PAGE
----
The U.S. Air Force keeps at least one of its high-tech manned spy planes near China pretty much 365 days a year. And don’t get us started on the incredibly sophisticated American aerial surveillance cordon that surrounds Iran.
It seems obvious that the Air Force would spy on Iran, China and other American rivals including Russia. But even countries that seem to be on friendly terms with Washington get the surveillance treatment.
Especially friendly countries that happen to be testing ballistic missiles. India, Pakistan, Taiwan and Egypt—we’re looking at you.
The Air Force possesses three RC-135S Cobra Ball spy planes outfitted with high-power cameras and electronic listening devices for monitoring ballistic missile tests from long range.
The Air Force describes the three modified Boeing 707s and their 10-person crews as “a national asset uniquely suited to provide America’s leaders and defense community with vital information that cannot be obtained by any other source.”
In order to keep track of who’s got ballistic missiles, what those missiles are capable of and possibly how to defend against them, the Pentagon deploys the Cobra Balls all over the world at a hectic pace. Via the Freedom of Information Act, War is Boring obtained heavily redacted official documents that hint at the scale of U.S. aerial spying in 2010.
A document pertaining to the Cobra Balls lists all the planes’ missions that year. In 12 busy months, two of the three 1960s-vintage RC-135Ss—tail numbers “662” and “663”—deployed 34 times. The third Cobra Ball, tail number “128,” did not deploy and presumably remained at its chilly, remote home base in Offutt, Nebraska.
Staging from a wide network of U.S. and allied airfields, the two active RC-135Ss spied on Russia 11 times, China three times and Syria twice. Russia possesses the world’s second-largest ballistic nuclear arsenal after the U.S. China also has ballistic nukes plus an arsenal of thousands of high-explosive tipped rockets for targeting Taiwan and U.S. Navy ships. Syria possesses a small rocket arsenal with possible chemical warheads.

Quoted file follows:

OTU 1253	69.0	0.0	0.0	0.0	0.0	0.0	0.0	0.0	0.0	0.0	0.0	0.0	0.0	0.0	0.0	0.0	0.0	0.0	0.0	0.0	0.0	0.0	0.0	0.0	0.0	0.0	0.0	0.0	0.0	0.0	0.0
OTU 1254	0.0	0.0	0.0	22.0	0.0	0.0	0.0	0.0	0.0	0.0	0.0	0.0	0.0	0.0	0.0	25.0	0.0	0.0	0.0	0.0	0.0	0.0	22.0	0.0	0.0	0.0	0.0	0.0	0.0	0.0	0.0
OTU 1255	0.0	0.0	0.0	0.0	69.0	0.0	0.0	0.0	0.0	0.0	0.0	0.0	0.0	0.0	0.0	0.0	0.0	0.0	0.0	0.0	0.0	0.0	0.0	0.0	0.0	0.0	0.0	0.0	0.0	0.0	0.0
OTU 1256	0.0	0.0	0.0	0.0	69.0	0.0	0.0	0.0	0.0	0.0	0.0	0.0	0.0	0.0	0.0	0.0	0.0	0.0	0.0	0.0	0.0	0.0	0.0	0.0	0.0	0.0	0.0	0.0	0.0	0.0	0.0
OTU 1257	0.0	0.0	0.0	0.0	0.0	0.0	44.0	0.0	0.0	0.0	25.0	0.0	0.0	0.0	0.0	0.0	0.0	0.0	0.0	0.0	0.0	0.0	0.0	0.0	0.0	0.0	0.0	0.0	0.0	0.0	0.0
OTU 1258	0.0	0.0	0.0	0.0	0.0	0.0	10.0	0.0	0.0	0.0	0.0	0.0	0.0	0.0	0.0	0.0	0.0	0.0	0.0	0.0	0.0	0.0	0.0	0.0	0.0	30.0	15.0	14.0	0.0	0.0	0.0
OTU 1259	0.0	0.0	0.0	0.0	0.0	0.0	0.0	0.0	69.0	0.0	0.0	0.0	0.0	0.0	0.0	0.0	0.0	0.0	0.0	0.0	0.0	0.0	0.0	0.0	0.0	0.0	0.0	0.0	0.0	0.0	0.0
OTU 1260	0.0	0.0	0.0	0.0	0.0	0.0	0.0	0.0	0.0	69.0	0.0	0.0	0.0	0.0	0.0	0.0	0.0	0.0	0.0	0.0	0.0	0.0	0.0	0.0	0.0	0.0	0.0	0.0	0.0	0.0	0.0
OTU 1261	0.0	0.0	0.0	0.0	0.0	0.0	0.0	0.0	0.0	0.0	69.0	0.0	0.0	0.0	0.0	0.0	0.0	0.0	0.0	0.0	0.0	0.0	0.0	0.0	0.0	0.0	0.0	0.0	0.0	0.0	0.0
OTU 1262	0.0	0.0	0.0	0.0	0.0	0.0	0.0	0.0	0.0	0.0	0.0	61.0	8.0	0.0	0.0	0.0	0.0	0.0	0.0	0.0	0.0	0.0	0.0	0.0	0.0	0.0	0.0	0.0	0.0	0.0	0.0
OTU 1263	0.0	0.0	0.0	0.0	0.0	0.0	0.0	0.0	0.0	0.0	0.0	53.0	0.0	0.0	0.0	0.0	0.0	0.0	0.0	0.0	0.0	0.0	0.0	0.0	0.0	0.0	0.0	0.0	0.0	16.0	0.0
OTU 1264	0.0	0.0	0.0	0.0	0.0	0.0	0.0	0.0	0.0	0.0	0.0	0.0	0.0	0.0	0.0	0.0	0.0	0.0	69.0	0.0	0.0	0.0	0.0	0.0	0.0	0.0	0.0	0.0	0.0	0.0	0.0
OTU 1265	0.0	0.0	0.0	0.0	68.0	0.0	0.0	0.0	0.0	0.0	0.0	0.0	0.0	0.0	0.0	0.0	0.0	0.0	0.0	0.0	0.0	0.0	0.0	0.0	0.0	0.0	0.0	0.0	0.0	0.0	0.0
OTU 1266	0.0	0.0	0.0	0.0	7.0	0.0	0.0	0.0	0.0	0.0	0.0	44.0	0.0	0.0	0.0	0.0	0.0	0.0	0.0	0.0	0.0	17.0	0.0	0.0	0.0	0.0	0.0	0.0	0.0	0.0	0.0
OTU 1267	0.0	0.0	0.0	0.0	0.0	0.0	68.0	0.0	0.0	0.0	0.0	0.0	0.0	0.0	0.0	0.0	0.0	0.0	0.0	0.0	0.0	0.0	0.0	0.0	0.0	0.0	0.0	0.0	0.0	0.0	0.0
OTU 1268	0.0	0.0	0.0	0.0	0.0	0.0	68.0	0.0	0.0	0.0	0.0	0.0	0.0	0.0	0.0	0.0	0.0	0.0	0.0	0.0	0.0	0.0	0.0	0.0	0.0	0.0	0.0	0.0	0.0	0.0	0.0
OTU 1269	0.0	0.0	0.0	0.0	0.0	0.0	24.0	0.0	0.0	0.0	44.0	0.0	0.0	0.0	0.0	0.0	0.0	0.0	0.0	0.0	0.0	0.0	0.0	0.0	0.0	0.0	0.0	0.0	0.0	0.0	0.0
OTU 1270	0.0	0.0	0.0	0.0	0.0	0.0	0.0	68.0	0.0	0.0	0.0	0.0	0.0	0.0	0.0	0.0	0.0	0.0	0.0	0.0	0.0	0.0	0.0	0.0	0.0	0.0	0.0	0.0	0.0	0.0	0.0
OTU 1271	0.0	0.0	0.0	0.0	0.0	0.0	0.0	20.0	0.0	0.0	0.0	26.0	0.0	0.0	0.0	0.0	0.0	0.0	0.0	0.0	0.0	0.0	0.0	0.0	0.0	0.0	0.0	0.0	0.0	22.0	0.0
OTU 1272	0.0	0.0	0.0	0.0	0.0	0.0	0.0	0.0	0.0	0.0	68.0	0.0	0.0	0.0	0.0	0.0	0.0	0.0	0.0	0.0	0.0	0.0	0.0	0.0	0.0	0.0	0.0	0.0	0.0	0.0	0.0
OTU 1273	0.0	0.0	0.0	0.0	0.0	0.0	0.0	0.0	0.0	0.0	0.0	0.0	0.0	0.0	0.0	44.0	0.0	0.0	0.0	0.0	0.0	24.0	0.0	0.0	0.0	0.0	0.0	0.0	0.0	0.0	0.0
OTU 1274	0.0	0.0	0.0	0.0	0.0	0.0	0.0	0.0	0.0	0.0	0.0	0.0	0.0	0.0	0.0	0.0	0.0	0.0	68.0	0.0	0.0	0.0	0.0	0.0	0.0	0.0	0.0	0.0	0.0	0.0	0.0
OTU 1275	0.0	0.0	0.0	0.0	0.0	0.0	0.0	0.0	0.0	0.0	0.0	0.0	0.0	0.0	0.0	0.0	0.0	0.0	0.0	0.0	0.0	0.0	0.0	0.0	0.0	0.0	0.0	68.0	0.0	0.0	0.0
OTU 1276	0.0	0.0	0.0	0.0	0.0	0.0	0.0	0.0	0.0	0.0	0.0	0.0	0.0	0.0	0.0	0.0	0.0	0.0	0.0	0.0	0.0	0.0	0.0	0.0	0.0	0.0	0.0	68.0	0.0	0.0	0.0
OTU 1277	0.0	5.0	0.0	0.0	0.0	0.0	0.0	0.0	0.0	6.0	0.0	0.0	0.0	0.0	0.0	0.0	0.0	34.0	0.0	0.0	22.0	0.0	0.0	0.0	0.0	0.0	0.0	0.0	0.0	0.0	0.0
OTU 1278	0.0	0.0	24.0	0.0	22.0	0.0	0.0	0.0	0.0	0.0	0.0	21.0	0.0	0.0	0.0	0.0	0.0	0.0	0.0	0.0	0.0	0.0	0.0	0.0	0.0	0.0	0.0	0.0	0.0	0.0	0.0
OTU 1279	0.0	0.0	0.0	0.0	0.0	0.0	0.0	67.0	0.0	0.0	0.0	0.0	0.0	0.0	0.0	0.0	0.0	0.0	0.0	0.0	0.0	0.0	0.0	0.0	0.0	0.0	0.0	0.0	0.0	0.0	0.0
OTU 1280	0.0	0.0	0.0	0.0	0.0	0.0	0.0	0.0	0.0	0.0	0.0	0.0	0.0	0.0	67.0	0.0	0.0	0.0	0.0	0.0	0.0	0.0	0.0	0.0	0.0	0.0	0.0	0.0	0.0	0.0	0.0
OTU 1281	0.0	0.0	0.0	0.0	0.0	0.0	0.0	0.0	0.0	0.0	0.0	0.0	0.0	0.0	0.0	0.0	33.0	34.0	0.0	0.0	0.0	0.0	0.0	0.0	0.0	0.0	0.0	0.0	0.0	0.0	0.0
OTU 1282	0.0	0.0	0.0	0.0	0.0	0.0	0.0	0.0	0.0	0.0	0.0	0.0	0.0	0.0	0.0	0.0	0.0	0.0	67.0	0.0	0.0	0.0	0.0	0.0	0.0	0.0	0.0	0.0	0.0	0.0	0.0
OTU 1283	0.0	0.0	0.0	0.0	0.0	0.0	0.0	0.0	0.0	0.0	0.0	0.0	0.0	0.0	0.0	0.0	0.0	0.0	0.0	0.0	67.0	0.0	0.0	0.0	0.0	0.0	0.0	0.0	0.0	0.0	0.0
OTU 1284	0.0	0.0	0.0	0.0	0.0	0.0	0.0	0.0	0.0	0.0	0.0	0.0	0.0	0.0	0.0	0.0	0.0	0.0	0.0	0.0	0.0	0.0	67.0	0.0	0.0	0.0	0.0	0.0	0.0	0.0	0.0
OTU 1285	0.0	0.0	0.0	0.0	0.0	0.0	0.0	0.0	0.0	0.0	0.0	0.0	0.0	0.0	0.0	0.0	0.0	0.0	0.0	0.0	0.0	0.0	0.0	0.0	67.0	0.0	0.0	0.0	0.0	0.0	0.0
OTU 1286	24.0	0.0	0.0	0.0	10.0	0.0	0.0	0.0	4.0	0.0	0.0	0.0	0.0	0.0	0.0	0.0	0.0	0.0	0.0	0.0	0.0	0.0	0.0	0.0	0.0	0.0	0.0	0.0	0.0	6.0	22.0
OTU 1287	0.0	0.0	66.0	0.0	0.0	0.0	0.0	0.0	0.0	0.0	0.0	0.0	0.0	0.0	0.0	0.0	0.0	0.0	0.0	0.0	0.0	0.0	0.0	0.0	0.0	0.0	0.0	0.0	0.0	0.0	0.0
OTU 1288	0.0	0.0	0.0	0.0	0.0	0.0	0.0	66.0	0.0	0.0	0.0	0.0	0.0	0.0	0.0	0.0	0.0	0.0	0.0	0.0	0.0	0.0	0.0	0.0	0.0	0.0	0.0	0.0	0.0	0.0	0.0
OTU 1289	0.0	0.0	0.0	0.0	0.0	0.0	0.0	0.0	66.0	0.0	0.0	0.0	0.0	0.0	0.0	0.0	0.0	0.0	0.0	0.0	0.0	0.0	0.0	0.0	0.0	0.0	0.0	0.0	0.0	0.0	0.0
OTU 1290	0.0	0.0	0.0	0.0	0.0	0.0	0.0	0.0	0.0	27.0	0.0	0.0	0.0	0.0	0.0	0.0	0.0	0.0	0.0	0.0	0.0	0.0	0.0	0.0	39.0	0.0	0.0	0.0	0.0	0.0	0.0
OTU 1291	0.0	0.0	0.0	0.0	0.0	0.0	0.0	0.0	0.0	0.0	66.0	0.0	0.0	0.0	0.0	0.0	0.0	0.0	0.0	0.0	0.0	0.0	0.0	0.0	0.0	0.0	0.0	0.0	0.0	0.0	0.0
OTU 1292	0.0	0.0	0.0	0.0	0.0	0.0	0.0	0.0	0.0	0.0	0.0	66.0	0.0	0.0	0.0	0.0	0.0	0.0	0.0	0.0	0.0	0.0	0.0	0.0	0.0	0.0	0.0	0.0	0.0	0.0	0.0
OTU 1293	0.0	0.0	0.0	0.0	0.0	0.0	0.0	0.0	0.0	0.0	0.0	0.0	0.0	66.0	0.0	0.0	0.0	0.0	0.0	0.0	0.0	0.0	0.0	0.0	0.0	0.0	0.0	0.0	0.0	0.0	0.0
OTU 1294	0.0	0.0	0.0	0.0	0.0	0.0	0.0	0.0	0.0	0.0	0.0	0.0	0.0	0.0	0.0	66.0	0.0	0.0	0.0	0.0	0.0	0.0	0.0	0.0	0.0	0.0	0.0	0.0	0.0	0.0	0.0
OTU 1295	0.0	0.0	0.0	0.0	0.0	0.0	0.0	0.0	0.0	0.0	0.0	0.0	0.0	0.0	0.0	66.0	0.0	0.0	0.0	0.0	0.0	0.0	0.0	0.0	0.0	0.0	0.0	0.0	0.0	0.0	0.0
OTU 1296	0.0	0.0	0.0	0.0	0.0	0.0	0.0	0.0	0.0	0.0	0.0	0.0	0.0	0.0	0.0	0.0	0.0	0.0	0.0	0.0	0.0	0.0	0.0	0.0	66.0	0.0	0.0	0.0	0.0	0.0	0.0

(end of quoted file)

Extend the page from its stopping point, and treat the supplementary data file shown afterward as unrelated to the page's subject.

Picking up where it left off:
Washington’s relations with Russia, China and Syria can fairly be described as “chilly.”
But India is America’s close friend, according to the State Department. “Our relationship is rooted in common values, including the rule of law, respect for diversity and democratic government,” the diplomatic agency gushed. “We have a shared interest in promoting global security, stability and economic prosperity through trade, investment and connectivity.”
That didn’t stop the Cobra Balls from deploying to Kadena Air Force Base in Japan and Diego Garcia in the Indian Ocean seven times in 2010 in order to snoop on New Delhi’s rocket tests. India possesses around 100 nuclear-tipped Agni ballistic missiles—mostly pointed at Pakistan, no doubt—and is continually improving their range and accuracy.
Pakistan, likewise, enjoys a “close security partnership” with the U.S., according to the State Department—this despite deep differences over alleged Pakistani support for militants in Afghanistan. Islamabad has nuke holdings roughly matching rival New Delhi’s: some 100 warheads on homegrown Shaheen missiles. Flying from Al Udeid in Qatar, the Cobra Balls spied on Pakistani rocket launches three times in 2010.
The RC-135s also watched over Taiwanese rocket tests and Egypt tests once each in 2010. Neither of those states has nukes, but both are developing improved conventional ballistic missiles. Washington is bound by law to defend Taiwan in the event of a Chinese invasion; despite recent civil unrest, America also bolsters the Egypt with billions of dollars in annual military aid.
But even with such close ties, America feels it still needs to send in spy planes in order to understand what its friends are up to with their rockets.